A few years ago I had the pleasure of talking with Ruth Sutton - a saucy English woman who was contracted by my school district to develop sustainable change.
During my visit with her, I expressed my frustration with how long change was taking at my school, and so she sat me down and shared a story with me.
She explained that there are three kinds of people in this world:
First, there are the pioneers. They are the people who are willing to give anything a go. They're willing to go out into the wilderness and explore the new world. They're comfortable with the risks that come with such adventures.
Second, there are settlers. They are willing to go out and about but not before they know what is waiting for them. They need to see a map that outlines the path that will be taken and the blue prints that shows there is infrastructure awaiting them.
And then there are CAVE people.
This is an acronym for Citizens Against Virtually Everything. For these people, 'no' is the default for anything and everything.
In the end, we need pioneers so that we are always improving. Change is always and pioneers help us to ensure the settlers don't become overly complacent.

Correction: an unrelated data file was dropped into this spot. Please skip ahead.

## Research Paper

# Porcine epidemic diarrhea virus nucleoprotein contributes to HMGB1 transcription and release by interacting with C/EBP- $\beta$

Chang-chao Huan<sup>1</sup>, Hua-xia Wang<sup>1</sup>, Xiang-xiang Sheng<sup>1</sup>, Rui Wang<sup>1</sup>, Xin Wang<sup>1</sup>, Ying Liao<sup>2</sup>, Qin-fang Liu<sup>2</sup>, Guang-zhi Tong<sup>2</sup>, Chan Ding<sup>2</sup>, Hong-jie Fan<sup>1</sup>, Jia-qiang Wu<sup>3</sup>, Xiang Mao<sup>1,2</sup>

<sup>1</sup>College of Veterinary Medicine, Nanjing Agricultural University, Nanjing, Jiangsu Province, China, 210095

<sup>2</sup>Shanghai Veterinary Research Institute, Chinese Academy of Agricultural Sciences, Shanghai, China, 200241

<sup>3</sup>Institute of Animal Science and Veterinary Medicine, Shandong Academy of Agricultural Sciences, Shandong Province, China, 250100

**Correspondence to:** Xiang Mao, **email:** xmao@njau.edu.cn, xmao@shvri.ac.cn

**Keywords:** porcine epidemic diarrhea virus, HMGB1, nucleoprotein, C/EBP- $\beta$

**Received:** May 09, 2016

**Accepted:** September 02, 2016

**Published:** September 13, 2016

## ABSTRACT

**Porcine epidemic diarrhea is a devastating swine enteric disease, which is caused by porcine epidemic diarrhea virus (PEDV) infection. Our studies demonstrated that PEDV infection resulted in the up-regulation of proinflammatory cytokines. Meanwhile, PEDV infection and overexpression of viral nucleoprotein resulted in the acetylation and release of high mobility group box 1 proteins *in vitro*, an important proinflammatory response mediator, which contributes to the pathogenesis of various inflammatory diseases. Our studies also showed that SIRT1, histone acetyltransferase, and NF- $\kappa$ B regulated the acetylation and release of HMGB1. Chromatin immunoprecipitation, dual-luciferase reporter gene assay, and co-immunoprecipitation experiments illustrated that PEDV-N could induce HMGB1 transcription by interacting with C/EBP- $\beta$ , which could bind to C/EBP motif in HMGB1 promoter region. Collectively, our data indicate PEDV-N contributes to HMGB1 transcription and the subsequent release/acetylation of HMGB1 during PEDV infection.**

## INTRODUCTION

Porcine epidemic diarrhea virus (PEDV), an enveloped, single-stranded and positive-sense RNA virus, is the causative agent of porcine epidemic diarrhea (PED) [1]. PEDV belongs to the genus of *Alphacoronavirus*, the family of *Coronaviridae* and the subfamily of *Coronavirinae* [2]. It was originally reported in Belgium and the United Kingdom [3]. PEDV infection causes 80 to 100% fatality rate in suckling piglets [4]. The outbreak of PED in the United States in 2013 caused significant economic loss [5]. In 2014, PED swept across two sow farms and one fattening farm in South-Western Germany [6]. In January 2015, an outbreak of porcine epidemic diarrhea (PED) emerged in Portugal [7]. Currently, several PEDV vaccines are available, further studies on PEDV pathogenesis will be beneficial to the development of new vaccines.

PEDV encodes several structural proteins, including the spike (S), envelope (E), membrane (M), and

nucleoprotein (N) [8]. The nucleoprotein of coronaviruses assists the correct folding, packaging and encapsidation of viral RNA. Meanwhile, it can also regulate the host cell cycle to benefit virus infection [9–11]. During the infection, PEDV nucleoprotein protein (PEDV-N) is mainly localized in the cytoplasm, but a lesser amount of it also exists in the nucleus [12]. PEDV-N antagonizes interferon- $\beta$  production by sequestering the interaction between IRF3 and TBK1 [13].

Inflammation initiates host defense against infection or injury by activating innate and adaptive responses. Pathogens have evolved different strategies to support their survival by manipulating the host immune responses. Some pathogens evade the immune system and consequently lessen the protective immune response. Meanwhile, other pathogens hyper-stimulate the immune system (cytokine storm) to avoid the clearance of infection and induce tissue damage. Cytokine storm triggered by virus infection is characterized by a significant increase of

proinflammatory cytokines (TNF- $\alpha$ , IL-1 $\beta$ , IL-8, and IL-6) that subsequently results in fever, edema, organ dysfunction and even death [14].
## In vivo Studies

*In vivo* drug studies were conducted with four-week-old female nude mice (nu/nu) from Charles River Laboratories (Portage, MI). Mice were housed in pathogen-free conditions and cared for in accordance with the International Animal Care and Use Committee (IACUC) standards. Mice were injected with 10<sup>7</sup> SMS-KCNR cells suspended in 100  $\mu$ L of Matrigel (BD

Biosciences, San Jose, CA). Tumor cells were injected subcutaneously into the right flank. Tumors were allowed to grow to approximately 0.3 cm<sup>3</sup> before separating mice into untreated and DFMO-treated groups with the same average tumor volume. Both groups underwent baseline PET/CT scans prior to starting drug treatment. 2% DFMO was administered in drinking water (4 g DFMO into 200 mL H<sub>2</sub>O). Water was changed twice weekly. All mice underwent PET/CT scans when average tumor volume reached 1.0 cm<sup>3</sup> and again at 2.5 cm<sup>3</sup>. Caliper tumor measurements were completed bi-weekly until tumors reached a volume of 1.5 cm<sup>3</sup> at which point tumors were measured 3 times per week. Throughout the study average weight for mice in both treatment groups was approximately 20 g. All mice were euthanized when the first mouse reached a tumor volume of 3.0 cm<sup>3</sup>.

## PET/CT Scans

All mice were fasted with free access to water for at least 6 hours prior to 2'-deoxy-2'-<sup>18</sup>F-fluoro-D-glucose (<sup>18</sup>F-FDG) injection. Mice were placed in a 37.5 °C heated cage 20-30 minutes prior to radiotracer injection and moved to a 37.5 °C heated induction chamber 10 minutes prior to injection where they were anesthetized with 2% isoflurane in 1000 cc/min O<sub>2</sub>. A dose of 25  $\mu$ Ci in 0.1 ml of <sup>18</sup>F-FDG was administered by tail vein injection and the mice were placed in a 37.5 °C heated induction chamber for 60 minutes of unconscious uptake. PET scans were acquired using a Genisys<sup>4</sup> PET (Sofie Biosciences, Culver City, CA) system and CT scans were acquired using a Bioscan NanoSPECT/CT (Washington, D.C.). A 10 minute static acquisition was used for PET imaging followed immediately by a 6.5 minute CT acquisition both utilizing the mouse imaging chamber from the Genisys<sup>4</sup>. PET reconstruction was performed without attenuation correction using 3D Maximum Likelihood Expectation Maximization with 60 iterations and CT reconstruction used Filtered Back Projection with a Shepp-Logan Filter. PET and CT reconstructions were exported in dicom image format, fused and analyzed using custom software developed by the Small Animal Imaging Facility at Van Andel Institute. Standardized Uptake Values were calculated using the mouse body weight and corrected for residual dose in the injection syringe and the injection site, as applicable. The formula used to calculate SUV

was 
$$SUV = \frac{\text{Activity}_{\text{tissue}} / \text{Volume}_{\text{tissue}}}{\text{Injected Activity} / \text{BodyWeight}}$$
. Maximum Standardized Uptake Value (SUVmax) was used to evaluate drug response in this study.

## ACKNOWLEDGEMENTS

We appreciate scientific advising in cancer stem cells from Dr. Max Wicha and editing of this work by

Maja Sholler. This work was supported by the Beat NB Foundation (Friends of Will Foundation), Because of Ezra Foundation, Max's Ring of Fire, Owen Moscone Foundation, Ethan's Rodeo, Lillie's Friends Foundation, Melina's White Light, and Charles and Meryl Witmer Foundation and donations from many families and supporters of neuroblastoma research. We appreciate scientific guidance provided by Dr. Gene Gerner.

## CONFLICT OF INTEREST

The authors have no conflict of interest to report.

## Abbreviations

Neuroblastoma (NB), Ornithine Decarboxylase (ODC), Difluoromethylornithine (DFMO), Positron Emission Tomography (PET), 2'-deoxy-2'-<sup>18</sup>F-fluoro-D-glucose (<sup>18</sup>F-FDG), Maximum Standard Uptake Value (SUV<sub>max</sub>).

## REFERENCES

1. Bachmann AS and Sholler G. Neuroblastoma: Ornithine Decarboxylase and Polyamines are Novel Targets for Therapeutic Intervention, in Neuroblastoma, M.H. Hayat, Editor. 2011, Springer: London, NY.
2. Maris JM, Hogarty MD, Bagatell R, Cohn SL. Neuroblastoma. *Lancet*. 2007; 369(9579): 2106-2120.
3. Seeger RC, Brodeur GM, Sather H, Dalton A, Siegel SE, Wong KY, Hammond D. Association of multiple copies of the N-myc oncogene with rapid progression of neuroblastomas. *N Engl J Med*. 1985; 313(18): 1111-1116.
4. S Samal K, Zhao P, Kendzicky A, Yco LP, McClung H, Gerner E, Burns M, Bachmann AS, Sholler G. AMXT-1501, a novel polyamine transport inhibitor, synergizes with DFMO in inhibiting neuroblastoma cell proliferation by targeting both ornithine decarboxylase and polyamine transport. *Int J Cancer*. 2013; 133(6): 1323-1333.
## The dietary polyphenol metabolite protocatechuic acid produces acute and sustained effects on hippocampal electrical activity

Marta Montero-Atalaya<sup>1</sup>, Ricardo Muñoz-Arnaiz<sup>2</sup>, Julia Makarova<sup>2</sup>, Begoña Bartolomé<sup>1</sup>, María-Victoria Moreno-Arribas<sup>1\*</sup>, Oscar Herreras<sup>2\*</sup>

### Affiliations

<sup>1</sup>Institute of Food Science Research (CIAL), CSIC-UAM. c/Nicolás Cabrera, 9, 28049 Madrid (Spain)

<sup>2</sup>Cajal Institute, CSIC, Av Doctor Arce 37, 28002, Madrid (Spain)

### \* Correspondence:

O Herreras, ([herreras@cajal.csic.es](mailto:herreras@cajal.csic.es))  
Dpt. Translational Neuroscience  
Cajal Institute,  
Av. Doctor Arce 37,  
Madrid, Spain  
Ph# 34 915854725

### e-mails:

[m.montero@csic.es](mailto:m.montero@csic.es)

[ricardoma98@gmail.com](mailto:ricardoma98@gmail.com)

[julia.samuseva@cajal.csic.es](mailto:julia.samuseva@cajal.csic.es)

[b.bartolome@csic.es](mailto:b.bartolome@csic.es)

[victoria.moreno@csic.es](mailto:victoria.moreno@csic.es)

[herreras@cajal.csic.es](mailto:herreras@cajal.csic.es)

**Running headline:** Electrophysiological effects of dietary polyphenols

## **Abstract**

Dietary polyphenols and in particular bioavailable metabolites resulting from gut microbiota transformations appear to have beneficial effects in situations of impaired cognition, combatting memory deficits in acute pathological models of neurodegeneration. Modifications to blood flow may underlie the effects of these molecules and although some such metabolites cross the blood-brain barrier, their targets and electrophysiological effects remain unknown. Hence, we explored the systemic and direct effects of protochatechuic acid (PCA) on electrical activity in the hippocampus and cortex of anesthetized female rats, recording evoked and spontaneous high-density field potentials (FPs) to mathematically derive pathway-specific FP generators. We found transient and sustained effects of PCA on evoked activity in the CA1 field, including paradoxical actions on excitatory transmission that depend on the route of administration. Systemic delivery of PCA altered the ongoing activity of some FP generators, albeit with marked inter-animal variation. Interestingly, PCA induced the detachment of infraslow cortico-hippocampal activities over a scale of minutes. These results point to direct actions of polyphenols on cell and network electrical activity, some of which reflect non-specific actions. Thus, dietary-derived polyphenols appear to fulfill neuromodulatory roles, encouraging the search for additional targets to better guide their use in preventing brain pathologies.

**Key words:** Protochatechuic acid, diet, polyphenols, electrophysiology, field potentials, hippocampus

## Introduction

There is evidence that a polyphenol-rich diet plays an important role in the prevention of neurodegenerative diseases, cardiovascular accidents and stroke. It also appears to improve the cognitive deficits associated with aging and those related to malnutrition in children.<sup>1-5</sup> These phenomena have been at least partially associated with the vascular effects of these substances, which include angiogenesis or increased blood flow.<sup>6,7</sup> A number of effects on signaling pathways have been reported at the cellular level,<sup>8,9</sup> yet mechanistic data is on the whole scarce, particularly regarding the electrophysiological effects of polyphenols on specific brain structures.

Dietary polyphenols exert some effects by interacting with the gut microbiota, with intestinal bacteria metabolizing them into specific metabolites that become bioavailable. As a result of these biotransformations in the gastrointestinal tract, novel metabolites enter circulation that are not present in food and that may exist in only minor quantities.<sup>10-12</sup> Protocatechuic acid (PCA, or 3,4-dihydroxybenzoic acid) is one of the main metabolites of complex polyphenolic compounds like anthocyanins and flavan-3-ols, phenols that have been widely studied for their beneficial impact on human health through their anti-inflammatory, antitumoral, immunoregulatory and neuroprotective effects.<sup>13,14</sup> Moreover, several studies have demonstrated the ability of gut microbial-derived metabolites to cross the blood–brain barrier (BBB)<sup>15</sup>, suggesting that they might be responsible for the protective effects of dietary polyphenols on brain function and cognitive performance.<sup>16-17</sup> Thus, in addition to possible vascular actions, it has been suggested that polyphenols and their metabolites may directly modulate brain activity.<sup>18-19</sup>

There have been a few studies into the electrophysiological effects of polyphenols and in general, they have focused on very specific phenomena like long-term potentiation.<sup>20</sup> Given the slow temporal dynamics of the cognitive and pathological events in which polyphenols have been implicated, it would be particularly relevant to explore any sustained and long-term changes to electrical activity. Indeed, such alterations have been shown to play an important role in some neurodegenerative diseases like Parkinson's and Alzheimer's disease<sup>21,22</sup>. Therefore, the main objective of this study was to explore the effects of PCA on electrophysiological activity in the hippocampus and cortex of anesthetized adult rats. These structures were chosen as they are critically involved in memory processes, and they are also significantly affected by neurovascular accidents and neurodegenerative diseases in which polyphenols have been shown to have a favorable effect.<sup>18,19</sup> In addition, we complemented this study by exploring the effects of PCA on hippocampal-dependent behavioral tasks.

We also need settlers who are appropriately hesitant when working with pioneers - sometimes pioneers want to go places that we shouldn't go, and the settlers provide that sober second thought.
Unfortunately for CAVE people, we just don't need you. So you'll either be shamed into coming along or risk being left behind.
After Ruth was done sharing her anecdote with me, I realized that she was right. Even though I am an impatient pioneer, I know that without the diligent work of the settlers, the CAVE people might sabotage the hasty work of us pioneers and then claim that change was attempted and
proven to be a failure - thus making change that happens too fast quite counter-productive.
And so I have become far more patient when it comes to change, because I'm not willing to trade sustainability for expediency.